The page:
Going to the ER can be an intimidating experience, made even more frightening by the medical emergency that you're experiencing. The good news is that you can control some of your situation. Knowing exactly what to do and ask before you go is key to navigating the ER.
According to Science Daily, there are more than 115 million trips to the ER every year. Don't be an under prepared patient. Learn these five ways to properly handle your ER experience:
1. Take Your Health Records
Bring your health records to the ER. If you have a significant medical history or a current diagnosis of an illness, your health records can provide valuable information to the ER staff as they evaluate your situation. In addition to your records, you should also carry an emergency health information card in your purse or wallet at all times. Any and all medical information that you can provide upfront is critical to an accurate diagnosis.
2. Bring Someone with You
In an emergency, you might be too sick or stressed to handle everything on your own. Always take someone with you to the ER – a parent, friend, sibling or other family member can help provide information to the ER staff, as well as take notes or ask questions for you. The person you bring can also assist with discharge instructions and help you get home.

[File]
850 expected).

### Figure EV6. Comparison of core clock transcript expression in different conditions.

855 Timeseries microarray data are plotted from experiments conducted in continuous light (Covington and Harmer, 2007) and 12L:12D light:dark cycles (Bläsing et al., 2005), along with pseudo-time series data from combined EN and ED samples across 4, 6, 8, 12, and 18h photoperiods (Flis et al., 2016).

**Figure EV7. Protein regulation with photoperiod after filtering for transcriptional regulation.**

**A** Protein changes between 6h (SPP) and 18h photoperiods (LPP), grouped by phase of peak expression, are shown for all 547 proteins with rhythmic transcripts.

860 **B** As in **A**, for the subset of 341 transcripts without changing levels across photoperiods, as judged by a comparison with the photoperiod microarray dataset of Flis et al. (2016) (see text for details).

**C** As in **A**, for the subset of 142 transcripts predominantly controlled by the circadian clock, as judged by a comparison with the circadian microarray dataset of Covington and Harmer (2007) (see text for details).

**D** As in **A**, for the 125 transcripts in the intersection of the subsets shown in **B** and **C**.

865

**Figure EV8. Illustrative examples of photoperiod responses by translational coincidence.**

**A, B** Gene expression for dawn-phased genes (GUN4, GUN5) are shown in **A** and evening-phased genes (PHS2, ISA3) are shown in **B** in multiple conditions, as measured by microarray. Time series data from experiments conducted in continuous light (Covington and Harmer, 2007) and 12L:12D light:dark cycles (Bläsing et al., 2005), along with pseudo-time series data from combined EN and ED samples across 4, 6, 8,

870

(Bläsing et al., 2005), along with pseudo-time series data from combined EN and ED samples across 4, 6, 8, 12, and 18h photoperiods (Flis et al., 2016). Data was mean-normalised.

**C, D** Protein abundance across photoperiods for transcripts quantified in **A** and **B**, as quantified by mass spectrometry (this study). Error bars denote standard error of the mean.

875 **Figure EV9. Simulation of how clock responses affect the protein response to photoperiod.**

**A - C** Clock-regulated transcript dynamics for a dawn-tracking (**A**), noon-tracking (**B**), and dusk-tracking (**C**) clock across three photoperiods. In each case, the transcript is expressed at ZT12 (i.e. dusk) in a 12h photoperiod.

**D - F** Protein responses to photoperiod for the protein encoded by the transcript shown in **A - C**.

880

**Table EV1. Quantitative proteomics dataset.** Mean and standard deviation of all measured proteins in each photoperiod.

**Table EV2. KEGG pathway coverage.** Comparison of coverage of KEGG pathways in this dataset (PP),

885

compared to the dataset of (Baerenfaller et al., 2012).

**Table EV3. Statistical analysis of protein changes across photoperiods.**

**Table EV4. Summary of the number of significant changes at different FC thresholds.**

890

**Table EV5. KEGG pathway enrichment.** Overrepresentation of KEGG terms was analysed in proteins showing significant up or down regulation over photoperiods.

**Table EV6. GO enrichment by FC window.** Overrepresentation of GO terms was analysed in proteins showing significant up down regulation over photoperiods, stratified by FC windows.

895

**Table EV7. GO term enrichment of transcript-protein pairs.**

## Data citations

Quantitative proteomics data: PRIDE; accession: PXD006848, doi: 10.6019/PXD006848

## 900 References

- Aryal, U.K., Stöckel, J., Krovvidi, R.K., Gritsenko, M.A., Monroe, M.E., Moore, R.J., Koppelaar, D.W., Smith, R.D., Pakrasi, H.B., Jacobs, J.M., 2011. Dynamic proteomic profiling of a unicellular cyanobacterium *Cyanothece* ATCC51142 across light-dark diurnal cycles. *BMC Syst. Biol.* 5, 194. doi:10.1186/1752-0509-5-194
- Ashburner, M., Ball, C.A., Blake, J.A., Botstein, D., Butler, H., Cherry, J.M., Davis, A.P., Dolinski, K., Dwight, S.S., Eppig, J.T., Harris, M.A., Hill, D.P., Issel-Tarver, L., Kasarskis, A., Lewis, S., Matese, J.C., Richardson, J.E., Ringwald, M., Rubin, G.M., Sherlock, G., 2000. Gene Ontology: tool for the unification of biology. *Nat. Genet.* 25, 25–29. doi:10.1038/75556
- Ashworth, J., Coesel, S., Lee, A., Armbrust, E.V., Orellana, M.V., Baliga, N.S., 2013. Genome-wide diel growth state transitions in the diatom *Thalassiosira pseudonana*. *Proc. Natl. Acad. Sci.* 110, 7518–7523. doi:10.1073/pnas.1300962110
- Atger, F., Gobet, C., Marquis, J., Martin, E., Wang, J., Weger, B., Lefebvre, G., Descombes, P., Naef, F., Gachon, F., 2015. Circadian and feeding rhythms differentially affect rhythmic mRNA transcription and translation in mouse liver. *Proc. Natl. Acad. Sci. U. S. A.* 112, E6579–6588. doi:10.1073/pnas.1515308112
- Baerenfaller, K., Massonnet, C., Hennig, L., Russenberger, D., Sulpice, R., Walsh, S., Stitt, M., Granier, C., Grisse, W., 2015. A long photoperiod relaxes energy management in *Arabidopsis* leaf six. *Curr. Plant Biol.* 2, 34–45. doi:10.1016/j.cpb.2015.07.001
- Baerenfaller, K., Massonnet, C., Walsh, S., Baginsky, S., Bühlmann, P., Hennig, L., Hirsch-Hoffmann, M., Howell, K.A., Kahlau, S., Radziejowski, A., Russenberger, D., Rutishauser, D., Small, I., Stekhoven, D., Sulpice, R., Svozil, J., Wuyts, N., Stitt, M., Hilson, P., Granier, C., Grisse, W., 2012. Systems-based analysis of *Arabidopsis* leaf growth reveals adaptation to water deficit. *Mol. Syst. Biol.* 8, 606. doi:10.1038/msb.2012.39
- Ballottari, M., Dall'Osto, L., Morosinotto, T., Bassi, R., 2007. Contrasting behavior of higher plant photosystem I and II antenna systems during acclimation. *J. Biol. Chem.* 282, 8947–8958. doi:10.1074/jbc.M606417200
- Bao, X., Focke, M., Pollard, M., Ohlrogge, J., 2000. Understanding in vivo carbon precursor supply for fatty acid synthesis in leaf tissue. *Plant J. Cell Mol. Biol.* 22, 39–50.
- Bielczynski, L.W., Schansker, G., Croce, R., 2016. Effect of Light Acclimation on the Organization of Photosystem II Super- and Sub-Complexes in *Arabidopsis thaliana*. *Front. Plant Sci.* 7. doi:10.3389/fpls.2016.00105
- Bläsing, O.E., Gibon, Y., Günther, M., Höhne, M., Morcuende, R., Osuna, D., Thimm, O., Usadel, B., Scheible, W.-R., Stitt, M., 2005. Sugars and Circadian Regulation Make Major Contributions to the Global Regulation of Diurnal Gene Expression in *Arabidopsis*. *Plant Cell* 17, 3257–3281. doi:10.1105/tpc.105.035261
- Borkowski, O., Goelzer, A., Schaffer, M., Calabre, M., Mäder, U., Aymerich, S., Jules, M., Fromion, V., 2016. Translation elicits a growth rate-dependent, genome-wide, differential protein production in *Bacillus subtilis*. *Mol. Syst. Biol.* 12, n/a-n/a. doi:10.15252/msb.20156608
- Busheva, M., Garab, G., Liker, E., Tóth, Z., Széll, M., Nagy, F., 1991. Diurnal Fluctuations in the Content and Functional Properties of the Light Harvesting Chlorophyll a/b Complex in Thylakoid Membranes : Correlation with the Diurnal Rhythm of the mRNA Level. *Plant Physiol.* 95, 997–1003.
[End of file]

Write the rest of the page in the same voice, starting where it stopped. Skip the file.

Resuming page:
3. Ask Questions
Don’t let the doctor assume you understand everything he or she has told you. Always ask for clarification of anything you don’t fully comprehend. Make sure to ask any and all questions before you go home, or you’ll be stuck at home wondering or confused about your condition.
4. Repeat What The Doctor Tells You
Once you’ve asked all of your questions, repeat back to the doctor what you think your diagnosis is and the instructions are for future medical care, including the medications and dosages that have been prescribed to you. This is the best way to guarantee both you and the ER doctor are on the same page.
5. Take Test Results Home|
While some (not all) emergency rooms send a copy of your report to your primary care physician, it could take a few days for your doctor to receive it. Don’t wait any longer than you have to – always ask for a copy of all lab tests and reports. Place the reports with your medical records and take them with you to your follow-up appointment.
If you find yourself in an emergency situation, dial 9-1-1 immediately. For more information about the Emergency Care department at Regional Medical Center Bayonet Point, call (727) 819-2929 or click here.